And here is yet another singularity: no business hub in Minsk. Any capital city in the world has a district where skyscrapers cluster, harbouring headquarters of banks and national financial, industrial, insurance and other companies. Belarusbank's headquarters is on Dziaržynski Ave, almost in the middle of nowhere. We have skyscrapers in Minsk but they are not gathered in a uniform ensemble; they are scattered on the horizon as pines over a pasture. I am not going to make any mention of the Čyž's building. And forget Herostratus.
The first analogue of Starbucks has just opened in the city. At the same time, what kind of a city has no inhabitants running about with paper cups of coffee? Now, the Coffee Box chain is growing rapidly; Boxes regularly emerge in new downtown locations. But we still have only one chain of this kind for more than two million residents. Amazing!
And elaborating on the topic: no Burger King or KFC in Minsk (the latter will allegedly open soon but none have opened yet), or even a Sbarro. McDonalds is a monopolist in the lower price range and T.G.I. Friday in the medium price range. That's it. Experts say that it is all related to the difficulties in running any business in Belarus but we are not talking about the investment environment here. These all come impressions from the city. And these impressions become all the more extraordinary because of the utter absence of brands that are commonly found crammed in other capitals.
No affordable housing in Minsk. You should have seen the faces of some Europeans when I told them a while ago that there was only one hostel in the Belarusian megalopolis. All other visitors to the capital stay in either the hotel Europe or Crowne Plaza where you have to pay for a night the same amount that an average bargain traveller can expect to spend in Eastern Europe in a week.
No migrants. Despite the fact that in these latter days you see lovely Chinese faces in the downtown with an ever increasing frequency, these are still isolated incidents. What is happening in Moscow with migrants from the Caucasus or in Western Europe with Muslims from the Middle East is not happening in Minsk and is never expected to happen. It may be that we have too low of an income level or tough immigration laws or too many police.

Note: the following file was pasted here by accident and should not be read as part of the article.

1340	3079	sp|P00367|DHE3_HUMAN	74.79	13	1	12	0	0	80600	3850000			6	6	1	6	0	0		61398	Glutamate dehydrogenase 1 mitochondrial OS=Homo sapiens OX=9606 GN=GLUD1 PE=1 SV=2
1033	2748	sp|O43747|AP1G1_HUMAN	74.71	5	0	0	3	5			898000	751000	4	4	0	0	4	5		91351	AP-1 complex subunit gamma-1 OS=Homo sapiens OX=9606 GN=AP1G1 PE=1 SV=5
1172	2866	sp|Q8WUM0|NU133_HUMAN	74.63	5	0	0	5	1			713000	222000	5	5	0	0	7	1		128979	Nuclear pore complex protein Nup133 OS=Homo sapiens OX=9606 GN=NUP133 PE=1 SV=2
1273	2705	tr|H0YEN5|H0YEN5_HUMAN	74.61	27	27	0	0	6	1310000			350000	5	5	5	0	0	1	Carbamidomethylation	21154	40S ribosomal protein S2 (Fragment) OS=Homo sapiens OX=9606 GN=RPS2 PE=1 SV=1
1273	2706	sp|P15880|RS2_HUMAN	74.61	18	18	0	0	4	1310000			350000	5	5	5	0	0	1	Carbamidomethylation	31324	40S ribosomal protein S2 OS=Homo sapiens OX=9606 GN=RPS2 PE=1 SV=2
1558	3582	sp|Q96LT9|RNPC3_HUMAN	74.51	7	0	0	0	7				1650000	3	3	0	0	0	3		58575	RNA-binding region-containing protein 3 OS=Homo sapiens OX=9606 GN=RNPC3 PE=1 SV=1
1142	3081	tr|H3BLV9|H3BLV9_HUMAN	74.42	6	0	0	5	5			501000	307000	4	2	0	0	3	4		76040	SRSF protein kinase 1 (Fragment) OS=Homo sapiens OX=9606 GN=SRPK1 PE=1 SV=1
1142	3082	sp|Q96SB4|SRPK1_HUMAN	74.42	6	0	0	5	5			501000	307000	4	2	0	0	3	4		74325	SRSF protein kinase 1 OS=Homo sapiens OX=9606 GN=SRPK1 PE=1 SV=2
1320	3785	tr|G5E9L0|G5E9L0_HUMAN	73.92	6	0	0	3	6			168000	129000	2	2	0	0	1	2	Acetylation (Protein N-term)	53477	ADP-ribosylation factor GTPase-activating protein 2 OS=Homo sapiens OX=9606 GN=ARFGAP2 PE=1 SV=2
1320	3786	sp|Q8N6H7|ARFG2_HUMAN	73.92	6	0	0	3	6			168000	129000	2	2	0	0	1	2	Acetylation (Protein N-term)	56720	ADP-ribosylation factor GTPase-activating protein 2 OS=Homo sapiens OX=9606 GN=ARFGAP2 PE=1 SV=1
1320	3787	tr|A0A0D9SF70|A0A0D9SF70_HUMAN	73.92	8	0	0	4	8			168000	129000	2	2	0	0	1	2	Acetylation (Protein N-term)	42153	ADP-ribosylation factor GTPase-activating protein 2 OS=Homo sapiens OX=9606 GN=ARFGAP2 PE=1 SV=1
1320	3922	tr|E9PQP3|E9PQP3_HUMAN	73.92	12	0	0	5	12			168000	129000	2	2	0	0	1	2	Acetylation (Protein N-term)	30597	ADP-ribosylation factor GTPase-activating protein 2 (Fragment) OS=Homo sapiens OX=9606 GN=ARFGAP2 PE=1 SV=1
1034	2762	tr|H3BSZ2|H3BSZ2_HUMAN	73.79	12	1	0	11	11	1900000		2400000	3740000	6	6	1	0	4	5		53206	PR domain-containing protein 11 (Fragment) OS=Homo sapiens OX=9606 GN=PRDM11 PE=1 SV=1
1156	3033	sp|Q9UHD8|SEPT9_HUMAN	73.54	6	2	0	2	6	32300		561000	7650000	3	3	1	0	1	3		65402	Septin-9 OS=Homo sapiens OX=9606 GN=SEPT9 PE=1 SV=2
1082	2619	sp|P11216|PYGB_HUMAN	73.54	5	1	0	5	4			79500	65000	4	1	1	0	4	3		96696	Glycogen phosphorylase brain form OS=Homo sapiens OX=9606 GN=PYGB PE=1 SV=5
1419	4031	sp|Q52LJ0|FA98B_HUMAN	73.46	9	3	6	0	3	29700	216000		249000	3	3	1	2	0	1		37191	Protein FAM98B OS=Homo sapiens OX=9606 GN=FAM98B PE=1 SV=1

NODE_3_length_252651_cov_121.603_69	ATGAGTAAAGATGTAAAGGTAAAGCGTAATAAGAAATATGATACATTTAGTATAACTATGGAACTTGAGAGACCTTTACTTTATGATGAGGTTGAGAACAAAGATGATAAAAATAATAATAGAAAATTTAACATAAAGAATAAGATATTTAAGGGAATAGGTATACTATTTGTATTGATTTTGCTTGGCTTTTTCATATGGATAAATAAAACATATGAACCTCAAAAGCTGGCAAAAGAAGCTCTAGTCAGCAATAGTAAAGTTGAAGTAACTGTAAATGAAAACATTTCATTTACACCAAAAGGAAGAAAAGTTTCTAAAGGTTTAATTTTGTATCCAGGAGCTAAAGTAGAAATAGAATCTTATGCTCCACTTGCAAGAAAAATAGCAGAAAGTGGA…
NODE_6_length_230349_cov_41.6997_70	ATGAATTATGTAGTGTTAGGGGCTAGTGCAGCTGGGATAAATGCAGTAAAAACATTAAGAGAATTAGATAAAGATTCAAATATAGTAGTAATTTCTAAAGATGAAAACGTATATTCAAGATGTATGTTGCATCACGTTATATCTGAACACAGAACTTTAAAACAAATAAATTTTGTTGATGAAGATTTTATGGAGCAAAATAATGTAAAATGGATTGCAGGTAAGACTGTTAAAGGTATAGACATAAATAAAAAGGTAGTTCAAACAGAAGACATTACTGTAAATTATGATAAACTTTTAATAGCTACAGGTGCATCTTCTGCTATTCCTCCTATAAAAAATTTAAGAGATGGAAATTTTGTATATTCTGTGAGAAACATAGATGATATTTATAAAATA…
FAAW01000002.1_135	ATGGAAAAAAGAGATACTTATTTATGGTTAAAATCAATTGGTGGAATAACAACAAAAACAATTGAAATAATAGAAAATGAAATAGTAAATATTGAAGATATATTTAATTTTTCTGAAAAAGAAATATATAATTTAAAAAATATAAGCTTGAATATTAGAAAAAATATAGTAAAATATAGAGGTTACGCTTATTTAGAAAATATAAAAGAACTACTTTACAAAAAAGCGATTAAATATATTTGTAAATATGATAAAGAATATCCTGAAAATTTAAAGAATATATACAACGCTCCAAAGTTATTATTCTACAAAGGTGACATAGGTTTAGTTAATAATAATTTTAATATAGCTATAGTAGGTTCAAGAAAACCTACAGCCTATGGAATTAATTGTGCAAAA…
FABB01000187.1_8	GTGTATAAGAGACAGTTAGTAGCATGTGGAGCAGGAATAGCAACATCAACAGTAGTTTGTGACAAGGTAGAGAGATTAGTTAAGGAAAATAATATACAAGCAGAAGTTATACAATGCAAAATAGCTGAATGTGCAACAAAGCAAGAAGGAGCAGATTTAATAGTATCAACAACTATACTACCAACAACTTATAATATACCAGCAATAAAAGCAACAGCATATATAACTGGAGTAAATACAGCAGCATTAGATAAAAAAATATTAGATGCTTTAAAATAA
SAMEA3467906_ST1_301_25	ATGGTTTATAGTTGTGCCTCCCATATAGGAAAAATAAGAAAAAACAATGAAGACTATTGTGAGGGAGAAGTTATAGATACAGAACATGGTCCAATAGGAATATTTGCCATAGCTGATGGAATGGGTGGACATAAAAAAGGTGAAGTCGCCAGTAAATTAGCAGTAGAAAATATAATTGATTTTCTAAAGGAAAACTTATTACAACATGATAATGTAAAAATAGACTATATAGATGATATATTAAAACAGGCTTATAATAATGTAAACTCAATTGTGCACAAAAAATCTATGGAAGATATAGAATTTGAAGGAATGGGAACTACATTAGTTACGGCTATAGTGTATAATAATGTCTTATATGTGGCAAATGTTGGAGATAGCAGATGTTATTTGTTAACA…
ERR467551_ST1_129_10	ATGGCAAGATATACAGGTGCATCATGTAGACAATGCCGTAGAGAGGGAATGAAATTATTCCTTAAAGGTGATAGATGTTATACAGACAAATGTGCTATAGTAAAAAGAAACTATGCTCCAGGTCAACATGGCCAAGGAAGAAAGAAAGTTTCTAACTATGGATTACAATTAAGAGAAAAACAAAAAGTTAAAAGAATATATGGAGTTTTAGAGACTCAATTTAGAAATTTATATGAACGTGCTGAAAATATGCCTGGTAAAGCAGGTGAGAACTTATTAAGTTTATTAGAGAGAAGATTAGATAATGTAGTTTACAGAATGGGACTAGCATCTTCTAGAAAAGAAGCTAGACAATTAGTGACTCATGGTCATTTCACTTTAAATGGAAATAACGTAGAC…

No squatting — such as the abandoned buildings that are spontaneously colonised by homeless (such as the famous 12 Pushkinskaya Str. in Sankt-Petersburg or Tacheles in Berlin). Vagrants in the CIS have an anecdote: if you ended up in Minsk without a place to crash and some money, you should not look for old abandoned buildings (there are none) but rather for unfinished newly-built buildings (of which there are plenty).
And here is another very strange trifle: in any city of the world there is an "observation point", a place from where you can look over the city centre. Let's recall the "pendulum tower" in Vilnius, the Galata Tower in Istanbul, the television tower in Berlin, and the Eiffel Tower in Paris.
You won't see the centre from above in Minsk! Before, there was a sub-celestial restaurant in the hotel Belarus, but it was closed down together with the hotel. The sky deck on the National Library, first, is not that high and, second, it is not in the centre, to put it mildly. Though, it would be nice to understand what the "centre of Minsk" actually is, where it begins and where it ends (yet another particularity of our city).
I'd like to point out that all said is not about what’s wrong with Minsk? but about what’s so special about it? In a globalised world, to find a city that is not like the others is a great miracle. Let's be proud of living in it!
Originally published in Belarusian on budzma.by